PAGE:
ACS will conduct its annual Supreme Court review tomorrow covering most of the high-profile cases that have come down this term and looking ahead to Monday when more opinions are expected. We are still waiting for opinions in Sebelius v. Hobby Lobby, regarding the contraception policy of the Affordable Care Act, and Harris v. Quinn, a case involving a First Amendment challenge to union representation of state home care workers.
The high court today issued opinions in NLRB v. Noel Canning, involving the president’s recess appointments power, and McCullen v.Coakley, centering on a First Amendment challenge to a Massachusetts law creating buffer zones around abortion clinics.
SCOTUSblog publisher Tom Goldstein, who will moderate tomorrow’s ACS Supreme Court Review, said of Noel Canning during live-tweeting at SCOTUSblog this morning:
Here is the upshot of the decision. The President can make a recess appointment without Senate confirmation when the Senate says it is in recess. But either the House or the Senate can take the Senate out of recess and force it to hold a "pro forma session" that will block any recess appointment. So while the President's recess appointment power is broad in theory, if either house of Congress is in the hands of the other party, it can be blocked.
Eric J. Segall, the Kathy and Lawrence Ashe Professor of Law at Georgia State University College of Law, also a panelist for tomorrow’s high court review, told ACSblog, “When is a recess not a recess? When it’s less than 10 days. Justices issue a mixed ruling in NLRB v. Noel Canning.”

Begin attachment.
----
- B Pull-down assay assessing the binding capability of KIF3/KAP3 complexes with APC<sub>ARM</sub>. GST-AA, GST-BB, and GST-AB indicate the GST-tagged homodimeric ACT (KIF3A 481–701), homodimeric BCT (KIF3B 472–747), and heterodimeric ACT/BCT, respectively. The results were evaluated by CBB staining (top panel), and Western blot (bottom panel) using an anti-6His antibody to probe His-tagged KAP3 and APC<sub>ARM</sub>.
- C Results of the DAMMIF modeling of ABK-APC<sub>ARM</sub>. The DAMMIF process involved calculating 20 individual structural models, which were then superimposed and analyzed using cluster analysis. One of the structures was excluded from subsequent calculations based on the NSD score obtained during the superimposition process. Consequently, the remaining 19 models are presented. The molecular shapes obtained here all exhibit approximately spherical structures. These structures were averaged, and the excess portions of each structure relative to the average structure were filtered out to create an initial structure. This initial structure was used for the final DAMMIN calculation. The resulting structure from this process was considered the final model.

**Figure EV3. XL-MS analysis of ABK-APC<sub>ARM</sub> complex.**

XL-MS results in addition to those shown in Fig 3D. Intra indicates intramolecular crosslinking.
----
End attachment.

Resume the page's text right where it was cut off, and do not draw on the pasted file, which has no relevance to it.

Chief Counsel for the Constitutional Accountability Center Elizabeth Wydra in press statement said, “While the Supreme Court voted unanimously to strike down the particular exercise of the Recess Appointments Clause power in the Noel Canning case, more important, the Court – by a sharply divided 5-4 vote – rejected the sweeping arguments made by the U.S. Chamber of Commerce and its allies.” (Wydra is also scheduled to participate in tomorrow’s ACS Supreme Court Review.)
The U.S. Court of Appeals for the District of Columbia Circuit ruled early last year that President Obama’s appointments to the National Labor Relations Board in early 2012 during “pro forma sessions,” where Congress took deliberate steps to shorten the period for the president to make recess appointments. The president took the action noting that the 5-member NLRB could not function with three languishing vacancies.